News

Petite Jasmine, 1986-2013 (Photo via her Facebook page, courtesy of Rose Alliance)

Petite Jasmine (Photo via her Facebook page, courtesy of Rose Alliance)

On Friday, Swedish sex workers’ rights organization Rose Alliance released this statement on Facebook: “Our board member, fierce activist, and friend Petite Jasmine got brutally murdered yesterday (11 July 2013). Several years ago she lost custody of her children as she was considered to be an unfit parent due to being a sex worker. The children were placed with their father regardless of him being abusive towards Jasmine. They told her she didn’t know what was good for her and that she was “romanticizing” prostitution, they said she lacked insight and didn’t realise sex work was a form of self-harm. He threatened and stalked her on numerous occasions.  She was never offered any protection. She fought the system through four trials and had finally started seeing her children again. Yesterday the father of her children killed her. She always said, “Even if I can’t get my kids back I will make sure this never happens to any other sex worker.” We will continue her fight. Justice for Jasmine!”

Rose Alliance coordinator Pye Jakobsson was gracious enough to answer some questions about Jasmine’s struggle with the state and murder for Tits and Sass.

Caty Simon: So, for starters, can you tell us a little bit about how you met Jasmine Petite and what she worked on for Rose Alliance?

Pye Jakobsson: Jasmine contacted me around three years ago, just after the local council took custody of her kids. She was looking for help with this and had been advised to contact us. Her main activism was around her own situation and others like hers, plus a lot of stuff around the Swedish Model.

Caty: The Swedish Model criminalizes the clients of sex workers in Sweden. How does it affect sex workers there?

Pye: The biggest overall result is the increased stigma. Practical results have to do with the police going after clients. Street workers have lost valuable assessment time they need before getting into a client’s car [because the clients are too nervous about arrest to stop and talk.—ed.]  Also, their clients have more control and can say, ” Don’t drive to that spot, I know a better one the police don’t know about.” Police target  indoor workers too, trying to catch their clients. That means the focus is now on making clients feel safe enough to see us, rather than us focusing on our own safety.  In addition, the pimping laws force us to work alone. It’s also illegal to rent out premises to us. Many work from home, and if the landlord finds out, he is forced to evict you. So they want to save us, but they punish us until we are willing to be saved. And if we say we want to be “saved,” all they offer is therapy [rather than economic alternatives—ed.]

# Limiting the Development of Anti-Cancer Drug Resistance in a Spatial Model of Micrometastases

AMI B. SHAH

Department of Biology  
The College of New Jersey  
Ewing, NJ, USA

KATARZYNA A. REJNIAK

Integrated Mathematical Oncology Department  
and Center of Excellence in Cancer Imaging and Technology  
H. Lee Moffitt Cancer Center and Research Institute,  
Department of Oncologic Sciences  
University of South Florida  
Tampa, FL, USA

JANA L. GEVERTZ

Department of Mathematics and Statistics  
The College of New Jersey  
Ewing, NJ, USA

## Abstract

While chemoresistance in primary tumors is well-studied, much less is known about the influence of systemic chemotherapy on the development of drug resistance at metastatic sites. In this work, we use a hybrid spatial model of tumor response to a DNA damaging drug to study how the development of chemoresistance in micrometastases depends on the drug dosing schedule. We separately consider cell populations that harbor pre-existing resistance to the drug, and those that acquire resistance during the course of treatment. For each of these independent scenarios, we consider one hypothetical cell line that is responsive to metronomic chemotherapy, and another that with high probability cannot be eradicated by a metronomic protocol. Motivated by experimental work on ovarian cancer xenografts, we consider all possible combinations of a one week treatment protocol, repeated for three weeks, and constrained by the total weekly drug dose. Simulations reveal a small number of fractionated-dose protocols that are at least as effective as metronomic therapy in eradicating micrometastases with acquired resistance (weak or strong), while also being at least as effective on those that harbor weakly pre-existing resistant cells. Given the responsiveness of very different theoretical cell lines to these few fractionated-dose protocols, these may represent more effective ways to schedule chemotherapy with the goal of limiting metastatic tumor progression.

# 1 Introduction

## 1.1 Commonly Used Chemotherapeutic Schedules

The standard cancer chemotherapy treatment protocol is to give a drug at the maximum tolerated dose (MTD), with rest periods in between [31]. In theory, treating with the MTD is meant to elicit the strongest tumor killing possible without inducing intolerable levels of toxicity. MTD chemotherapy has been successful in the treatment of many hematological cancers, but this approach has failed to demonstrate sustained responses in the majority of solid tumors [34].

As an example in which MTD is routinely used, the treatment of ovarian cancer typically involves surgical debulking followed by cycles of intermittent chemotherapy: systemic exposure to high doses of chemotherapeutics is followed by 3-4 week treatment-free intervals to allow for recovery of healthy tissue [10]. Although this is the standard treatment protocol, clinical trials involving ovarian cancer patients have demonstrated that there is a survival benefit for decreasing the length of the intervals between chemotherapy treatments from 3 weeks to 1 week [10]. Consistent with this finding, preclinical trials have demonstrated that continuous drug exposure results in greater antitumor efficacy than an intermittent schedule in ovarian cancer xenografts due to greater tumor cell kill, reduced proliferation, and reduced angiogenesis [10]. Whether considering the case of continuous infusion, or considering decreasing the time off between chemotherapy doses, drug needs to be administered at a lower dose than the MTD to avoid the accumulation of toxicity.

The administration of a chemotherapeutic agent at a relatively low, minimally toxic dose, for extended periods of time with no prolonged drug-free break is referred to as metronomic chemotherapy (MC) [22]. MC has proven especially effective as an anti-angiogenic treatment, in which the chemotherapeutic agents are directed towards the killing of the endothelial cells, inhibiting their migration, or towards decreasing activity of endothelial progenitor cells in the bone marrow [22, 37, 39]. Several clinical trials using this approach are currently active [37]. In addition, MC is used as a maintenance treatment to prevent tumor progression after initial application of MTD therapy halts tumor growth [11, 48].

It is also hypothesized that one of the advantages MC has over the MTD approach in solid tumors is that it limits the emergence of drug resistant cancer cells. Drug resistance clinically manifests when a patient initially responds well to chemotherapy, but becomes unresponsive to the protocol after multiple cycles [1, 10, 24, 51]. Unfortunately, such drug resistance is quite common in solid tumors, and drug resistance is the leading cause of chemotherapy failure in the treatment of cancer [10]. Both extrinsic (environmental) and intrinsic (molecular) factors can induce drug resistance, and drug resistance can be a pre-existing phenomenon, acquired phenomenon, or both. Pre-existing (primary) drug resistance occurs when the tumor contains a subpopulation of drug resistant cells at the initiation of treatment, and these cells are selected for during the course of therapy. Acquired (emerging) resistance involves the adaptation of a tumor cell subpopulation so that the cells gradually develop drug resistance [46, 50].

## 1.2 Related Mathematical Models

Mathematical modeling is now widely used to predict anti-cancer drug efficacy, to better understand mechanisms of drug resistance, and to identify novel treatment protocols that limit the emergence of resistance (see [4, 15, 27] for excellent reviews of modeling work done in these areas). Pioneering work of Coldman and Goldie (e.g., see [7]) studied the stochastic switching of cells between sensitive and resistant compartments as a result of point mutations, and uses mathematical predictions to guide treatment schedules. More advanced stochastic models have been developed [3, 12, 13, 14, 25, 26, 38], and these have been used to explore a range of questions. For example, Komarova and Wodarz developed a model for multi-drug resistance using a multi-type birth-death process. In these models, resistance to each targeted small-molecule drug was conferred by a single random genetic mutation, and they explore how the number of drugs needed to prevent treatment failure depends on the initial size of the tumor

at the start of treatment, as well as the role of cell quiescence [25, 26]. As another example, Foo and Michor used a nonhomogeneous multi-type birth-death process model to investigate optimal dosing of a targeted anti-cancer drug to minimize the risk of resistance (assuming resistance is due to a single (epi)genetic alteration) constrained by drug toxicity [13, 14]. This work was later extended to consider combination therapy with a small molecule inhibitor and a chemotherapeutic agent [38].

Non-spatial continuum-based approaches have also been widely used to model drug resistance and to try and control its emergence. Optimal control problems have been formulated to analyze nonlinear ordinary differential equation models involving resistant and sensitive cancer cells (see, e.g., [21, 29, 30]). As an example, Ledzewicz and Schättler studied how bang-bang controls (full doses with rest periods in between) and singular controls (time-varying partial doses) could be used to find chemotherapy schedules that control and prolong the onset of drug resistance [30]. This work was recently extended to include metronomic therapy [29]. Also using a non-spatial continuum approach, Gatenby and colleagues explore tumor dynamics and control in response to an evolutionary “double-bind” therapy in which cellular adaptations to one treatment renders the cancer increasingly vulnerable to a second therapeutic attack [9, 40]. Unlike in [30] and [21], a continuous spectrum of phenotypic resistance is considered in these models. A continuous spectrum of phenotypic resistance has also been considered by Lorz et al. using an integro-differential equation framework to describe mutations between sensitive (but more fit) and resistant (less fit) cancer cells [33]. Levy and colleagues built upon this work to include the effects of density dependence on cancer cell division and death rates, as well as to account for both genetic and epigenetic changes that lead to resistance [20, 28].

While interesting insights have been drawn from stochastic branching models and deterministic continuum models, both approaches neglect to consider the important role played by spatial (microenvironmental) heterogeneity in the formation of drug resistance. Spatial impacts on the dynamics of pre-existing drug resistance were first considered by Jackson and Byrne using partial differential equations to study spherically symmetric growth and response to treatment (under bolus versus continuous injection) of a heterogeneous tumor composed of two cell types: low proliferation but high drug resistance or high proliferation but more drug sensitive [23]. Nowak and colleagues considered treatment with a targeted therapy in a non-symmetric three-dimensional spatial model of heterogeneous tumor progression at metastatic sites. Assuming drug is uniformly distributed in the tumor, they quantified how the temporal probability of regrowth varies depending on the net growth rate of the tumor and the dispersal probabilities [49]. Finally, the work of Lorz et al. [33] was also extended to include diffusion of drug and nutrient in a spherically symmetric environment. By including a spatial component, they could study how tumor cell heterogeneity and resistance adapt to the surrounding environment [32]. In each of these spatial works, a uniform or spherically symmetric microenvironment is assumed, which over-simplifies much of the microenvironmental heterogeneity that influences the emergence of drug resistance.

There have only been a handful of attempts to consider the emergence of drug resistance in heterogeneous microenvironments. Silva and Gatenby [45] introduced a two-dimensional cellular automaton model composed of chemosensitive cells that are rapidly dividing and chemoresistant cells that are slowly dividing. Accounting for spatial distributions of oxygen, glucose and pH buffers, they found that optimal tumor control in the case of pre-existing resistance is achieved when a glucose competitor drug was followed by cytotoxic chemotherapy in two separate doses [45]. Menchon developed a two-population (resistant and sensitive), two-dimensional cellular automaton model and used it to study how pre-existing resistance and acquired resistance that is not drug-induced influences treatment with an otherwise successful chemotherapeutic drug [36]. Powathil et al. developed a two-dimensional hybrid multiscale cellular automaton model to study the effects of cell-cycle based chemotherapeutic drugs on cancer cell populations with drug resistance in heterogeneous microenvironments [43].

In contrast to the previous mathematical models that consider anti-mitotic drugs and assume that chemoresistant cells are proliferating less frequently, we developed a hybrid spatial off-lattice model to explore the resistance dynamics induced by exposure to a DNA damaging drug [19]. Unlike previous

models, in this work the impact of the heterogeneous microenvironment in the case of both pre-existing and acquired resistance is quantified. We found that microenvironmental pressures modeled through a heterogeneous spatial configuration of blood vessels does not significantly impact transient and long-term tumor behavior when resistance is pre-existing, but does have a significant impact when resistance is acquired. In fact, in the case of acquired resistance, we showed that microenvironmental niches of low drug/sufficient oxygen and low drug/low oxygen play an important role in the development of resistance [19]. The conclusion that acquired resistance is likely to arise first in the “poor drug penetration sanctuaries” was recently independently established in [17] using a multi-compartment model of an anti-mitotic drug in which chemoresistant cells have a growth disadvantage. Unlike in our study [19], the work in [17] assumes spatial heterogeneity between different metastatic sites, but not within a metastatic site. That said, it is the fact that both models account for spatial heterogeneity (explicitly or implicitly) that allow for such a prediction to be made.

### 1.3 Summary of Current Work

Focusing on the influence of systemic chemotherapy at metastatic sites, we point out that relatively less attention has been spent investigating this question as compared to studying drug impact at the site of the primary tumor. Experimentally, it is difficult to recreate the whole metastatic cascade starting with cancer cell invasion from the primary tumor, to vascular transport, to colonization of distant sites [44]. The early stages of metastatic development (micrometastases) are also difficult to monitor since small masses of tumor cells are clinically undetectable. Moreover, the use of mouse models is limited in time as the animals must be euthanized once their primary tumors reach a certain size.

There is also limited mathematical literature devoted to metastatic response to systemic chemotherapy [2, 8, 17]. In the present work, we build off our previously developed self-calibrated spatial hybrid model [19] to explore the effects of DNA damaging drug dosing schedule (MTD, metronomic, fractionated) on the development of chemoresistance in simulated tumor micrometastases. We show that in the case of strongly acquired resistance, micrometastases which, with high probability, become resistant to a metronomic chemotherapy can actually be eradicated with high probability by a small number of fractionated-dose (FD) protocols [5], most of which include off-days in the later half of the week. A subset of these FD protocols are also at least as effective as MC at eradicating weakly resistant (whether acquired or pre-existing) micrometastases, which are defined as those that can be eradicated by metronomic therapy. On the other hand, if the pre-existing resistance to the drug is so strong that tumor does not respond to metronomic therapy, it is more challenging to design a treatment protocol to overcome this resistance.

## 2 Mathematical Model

Caty: Can you tell us a bit more about Jasmine’s custody battle? In the Facebook statement from Rose Alliance re: her murder, you guys wrote that she had been pathologized for not admitting that her sex work was a form of self-harm, and that her ex was given custody of the kids because she was a sex worker, despite the fact that she’d reported that he abused her. Can you elaborate on how the state justified taking her kids away from her?

Pye: She had kids with the same guy who was abusive towards her, mostly verbal abuse, though he was convicted for physical violence 12 years ago. They had already separated when the second child was born (the children are four and five now). So they had shared custody of the oldest and then she had sole custody of the youngest.

She was doing sex work as a way to stay at home with her kids, but after only a few months of working, a relative of hers called social services to let them know she was selling sex. The relative also called the father of the kids, who also called Social Services, claiming she took clients home, etc. The truth was she only worked in Stockholm, one hour away from the city where she lived.

[READ MORE]

{ 28 comments }

Suzy Favor Hamilton in all her badass athletic glory (photo by Getty Images)

Former escort and college athlete Suzy Favor Hamilton in all her badass glory (photo by Getty Images)

The New York Times ran a substantial piece on the still-unsolved Long Island sex worker murders by Robert Kolker, author of a forthcoming book on the same subject.

Anwar al-Awlaki, a cleric assassinated by a US drone strike in Yemen, “regularly visited high end prostitutes” — if you think 7 times over ten months counts as regularity. How wonderful that this is a topic of discussion, and not his status as a murdered US-born man not charged with, let alone convicted of, any crime. (Can anyone clarify what counts as “high end” in the eyes of mainstream media? The only requirement seems to be working indoors.)